Understanding and correcting this circuit's behavior

Discussion in 'General Electronics Chat' started by diddy02, Aug 5, 2010.

  1. diddy02

    Thread Starter Member

    Sep 26, 2008
    Hey all,

    I have a PCB that takes a serial (RS232) input and outputs dual 400Vpp sinusoidals at a phase offset of 90 degrees. To do this, a uC interprets the RS232 input which specifies frequency of the sinusoidal output and outputs a number to a DAC. Here's a rough idea of components/flow.

    RS232 -> uC -> DAC -> OpAmp -> VCO -> Sinusoidal Outp

    Unfortunately, the behavior of the uC -> DAC is not how I need it to be. Firstly, the uC output vs. RS232 input has an inverse relationship. If the data from RS232 specifies that a high frequency should be used, the DAC input is lower. For the highest frequency, uC output to the DAC would be 0000. As the requested frequency drops, DAC input increases. This behavior is fine, but I needed to specify it to illustrate the problem.

    When the uC receives new frequency information, I *think* that the uC clears its internal buffers/memory to load in the new info, and during this brief time, the 'requested frequency' parameter in the uC memory would be 0. Thus output to the DAC would be maxed out. This is a problem because during requested frequency changes, the sinusoidal pauses briefly. When frequency is updated at a high rate, the output is not usable at all. Ideally, the output should transition from one frequency to the other.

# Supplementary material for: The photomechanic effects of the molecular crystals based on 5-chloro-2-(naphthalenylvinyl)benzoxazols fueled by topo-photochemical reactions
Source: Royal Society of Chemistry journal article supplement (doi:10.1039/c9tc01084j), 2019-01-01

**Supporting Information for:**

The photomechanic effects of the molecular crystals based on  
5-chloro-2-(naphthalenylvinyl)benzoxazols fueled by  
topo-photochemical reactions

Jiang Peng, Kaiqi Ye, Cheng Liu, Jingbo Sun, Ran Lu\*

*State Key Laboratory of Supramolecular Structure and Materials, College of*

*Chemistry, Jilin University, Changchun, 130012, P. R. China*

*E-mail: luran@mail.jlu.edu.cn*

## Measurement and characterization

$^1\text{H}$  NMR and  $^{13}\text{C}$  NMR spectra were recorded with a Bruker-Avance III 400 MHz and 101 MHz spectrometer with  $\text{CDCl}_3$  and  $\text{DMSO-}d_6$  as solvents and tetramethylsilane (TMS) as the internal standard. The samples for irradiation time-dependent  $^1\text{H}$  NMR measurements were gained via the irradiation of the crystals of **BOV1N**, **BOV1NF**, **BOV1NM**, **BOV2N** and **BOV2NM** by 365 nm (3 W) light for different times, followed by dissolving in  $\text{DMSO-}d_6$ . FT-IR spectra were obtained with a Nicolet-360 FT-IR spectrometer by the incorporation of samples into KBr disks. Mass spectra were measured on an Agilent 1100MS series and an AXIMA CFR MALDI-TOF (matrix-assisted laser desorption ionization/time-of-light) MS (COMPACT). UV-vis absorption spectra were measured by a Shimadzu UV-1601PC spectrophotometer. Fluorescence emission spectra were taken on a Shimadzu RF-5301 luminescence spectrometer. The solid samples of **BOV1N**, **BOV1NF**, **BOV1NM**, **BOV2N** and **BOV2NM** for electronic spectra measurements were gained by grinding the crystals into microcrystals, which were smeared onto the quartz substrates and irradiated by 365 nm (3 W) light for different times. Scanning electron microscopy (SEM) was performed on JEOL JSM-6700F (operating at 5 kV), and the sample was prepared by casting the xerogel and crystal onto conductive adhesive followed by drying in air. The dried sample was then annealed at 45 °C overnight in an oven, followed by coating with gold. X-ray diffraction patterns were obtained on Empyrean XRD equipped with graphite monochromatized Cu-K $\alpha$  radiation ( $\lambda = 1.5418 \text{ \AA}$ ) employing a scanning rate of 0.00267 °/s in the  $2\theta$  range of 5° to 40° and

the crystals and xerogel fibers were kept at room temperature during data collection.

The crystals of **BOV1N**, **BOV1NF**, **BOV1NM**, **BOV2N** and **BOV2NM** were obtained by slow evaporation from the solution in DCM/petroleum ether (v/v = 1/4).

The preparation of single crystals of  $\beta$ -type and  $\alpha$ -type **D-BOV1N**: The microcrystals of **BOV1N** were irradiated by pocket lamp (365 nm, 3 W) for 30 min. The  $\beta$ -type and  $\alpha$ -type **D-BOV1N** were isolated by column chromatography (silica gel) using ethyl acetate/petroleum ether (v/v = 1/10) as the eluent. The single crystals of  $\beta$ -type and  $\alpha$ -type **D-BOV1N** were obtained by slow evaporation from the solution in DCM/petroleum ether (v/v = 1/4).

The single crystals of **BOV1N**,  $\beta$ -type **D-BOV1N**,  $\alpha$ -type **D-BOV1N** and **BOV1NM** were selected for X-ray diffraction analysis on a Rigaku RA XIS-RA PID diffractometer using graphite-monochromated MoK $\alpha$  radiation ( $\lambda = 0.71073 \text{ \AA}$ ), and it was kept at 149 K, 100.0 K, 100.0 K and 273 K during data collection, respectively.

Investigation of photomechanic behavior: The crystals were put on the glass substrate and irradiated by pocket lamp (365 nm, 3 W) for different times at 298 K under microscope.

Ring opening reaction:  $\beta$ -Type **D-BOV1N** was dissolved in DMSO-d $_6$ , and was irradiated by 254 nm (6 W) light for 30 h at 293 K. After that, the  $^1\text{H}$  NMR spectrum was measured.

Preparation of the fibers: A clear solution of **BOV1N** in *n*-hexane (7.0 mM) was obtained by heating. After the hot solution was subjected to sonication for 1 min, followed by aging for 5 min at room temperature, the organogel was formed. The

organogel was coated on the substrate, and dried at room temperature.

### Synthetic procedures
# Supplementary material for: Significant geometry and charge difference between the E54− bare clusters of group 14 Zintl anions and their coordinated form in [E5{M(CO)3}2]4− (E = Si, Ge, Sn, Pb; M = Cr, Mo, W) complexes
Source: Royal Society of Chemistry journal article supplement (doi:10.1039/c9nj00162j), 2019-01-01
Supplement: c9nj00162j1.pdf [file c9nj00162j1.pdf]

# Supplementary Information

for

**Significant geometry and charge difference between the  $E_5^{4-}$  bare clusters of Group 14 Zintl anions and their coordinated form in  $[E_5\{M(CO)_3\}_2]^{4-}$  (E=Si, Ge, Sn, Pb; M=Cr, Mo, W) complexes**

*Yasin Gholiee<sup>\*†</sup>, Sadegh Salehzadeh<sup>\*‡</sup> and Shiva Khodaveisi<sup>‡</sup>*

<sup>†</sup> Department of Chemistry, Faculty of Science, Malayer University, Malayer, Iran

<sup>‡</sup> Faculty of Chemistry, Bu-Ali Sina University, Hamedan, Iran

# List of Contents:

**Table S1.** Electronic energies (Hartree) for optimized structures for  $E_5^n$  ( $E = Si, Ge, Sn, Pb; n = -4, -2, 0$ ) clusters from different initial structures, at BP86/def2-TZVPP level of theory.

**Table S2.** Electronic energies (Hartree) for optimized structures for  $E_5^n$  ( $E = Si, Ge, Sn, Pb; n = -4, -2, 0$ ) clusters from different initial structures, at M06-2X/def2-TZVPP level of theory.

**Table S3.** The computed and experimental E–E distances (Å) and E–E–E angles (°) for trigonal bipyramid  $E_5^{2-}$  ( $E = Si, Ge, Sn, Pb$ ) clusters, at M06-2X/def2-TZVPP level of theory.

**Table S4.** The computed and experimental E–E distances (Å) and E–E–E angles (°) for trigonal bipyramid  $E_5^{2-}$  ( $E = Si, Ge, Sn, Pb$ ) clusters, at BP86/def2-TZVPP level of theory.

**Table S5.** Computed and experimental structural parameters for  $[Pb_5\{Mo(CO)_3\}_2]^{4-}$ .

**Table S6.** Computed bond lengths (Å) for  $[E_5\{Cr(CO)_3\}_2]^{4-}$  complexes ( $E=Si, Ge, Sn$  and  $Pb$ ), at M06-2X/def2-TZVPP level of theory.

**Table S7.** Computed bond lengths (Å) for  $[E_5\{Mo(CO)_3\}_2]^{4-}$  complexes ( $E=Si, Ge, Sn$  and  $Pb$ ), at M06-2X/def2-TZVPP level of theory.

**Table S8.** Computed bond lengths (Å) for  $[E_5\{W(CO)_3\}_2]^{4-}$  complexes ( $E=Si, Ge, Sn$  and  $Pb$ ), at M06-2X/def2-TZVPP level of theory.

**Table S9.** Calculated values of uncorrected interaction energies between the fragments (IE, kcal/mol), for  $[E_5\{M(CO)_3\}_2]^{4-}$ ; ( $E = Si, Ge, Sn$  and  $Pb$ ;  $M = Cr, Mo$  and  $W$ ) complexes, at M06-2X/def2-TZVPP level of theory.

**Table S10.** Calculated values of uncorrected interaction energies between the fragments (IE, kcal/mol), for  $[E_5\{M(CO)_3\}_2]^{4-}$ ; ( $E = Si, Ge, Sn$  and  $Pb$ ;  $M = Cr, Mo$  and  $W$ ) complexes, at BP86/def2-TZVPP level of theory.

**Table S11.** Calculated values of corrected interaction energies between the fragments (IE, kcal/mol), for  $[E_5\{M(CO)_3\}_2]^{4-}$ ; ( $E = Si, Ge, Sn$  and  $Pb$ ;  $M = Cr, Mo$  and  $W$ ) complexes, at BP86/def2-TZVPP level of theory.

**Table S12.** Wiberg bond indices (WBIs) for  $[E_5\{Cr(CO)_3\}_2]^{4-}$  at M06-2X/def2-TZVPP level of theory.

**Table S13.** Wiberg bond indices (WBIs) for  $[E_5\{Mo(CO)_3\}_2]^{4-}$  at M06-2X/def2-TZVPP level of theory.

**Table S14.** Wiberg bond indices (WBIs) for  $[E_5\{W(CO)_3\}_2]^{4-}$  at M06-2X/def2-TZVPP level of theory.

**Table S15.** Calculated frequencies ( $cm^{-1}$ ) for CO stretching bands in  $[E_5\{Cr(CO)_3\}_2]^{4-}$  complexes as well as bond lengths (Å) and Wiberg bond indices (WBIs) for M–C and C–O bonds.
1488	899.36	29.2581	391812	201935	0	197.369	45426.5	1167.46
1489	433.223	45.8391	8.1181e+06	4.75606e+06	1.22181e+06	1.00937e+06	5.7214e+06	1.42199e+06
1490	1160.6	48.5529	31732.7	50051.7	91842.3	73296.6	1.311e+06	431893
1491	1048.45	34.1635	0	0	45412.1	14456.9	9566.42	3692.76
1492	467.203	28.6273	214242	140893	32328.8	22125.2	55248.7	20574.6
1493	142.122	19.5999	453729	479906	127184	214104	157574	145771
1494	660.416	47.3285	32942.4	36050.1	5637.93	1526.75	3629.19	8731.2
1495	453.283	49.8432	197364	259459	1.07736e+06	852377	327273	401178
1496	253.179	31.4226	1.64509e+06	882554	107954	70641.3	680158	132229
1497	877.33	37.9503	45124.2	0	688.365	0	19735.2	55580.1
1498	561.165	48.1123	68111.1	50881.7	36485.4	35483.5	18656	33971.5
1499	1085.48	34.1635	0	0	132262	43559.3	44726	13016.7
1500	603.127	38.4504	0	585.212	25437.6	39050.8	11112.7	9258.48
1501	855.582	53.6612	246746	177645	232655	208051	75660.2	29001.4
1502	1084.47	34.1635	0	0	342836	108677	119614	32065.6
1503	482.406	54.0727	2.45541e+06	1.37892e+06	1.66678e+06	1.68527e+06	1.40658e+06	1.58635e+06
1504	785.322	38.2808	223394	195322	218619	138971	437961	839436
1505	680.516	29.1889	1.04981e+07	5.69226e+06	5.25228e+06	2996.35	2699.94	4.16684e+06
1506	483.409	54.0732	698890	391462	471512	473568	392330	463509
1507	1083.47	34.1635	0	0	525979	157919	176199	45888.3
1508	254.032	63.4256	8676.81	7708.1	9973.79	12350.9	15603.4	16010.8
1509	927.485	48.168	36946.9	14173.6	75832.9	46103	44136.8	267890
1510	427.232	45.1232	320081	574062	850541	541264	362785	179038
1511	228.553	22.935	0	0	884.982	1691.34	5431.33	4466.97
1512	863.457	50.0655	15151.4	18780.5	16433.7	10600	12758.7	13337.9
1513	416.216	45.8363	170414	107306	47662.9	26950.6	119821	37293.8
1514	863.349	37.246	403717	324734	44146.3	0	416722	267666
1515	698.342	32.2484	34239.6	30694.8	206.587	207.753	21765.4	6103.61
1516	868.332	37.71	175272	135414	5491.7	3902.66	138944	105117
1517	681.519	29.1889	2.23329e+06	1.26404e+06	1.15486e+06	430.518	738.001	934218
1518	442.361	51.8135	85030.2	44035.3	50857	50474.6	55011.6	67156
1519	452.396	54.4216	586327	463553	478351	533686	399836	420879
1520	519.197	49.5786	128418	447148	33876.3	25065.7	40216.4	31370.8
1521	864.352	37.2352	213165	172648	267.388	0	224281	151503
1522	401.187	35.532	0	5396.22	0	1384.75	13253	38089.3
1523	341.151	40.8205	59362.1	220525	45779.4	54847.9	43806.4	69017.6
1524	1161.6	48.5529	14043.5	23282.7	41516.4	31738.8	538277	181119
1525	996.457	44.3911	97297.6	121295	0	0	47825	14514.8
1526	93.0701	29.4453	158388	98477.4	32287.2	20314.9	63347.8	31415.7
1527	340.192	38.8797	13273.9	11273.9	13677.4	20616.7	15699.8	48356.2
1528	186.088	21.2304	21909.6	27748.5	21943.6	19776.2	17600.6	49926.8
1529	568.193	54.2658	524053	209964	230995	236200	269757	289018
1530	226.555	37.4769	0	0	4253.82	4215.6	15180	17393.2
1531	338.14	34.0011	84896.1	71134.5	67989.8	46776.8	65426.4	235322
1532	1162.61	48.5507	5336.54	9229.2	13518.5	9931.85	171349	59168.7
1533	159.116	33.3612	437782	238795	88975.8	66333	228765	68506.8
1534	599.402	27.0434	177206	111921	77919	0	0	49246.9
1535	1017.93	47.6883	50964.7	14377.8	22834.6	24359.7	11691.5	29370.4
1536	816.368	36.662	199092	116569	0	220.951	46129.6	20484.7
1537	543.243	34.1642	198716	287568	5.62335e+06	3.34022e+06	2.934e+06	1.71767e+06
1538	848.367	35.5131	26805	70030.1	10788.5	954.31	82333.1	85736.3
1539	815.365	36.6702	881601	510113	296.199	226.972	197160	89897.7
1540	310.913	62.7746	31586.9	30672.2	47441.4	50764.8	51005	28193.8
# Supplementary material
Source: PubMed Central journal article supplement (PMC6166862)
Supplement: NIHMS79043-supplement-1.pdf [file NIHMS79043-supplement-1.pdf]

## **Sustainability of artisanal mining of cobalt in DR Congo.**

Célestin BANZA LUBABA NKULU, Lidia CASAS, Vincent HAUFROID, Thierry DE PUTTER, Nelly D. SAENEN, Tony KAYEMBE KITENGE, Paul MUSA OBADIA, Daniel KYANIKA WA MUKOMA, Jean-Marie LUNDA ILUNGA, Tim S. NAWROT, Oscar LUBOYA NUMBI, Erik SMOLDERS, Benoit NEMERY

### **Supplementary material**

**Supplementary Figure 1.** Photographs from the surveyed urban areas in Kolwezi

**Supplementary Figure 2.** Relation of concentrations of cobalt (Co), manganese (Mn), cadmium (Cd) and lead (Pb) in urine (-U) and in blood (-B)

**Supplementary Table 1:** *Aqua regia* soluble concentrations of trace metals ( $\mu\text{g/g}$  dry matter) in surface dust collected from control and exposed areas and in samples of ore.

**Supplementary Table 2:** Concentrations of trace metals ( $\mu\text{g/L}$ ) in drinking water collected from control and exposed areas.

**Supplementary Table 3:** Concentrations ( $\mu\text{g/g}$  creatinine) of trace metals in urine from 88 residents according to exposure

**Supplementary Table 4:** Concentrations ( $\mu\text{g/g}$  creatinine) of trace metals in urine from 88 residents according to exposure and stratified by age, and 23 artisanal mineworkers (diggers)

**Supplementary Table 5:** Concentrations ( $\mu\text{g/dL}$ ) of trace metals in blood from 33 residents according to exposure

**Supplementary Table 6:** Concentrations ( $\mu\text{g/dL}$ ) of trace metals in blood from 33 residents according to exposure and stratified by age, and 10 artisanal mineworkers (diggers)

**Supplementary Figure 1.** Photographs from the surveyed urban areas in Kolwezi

Please see attachment1 for an illustration of what normally happens. Here I'm updating the frequency of the output at a rate of 150ms through RS232. The measured output is from the DAC.

    attachment 2 shows the desired behavior. I can't reprogram the uC or anything like that... any modifications would have to be straight on the PCB.

    I'd really appreciate any input!
  2. sage.radachowsky


    May 11, 2010
    Hi Diddy2

    First, it's a strange problem because you don't have access to the uC code.
    I am guessing that every time the uC receives a new input, it first resets the DAC and then sets the new value. That's what it looks like.

    Without changing the code, you could do a "peak meter" circuit that would rise quickly to the peak and then decay slowly from there. It would not be perfect, but it could follow the curve as you write for "desired output". It would not decay as fast even if you desired that.

    Do you at least have a schematic?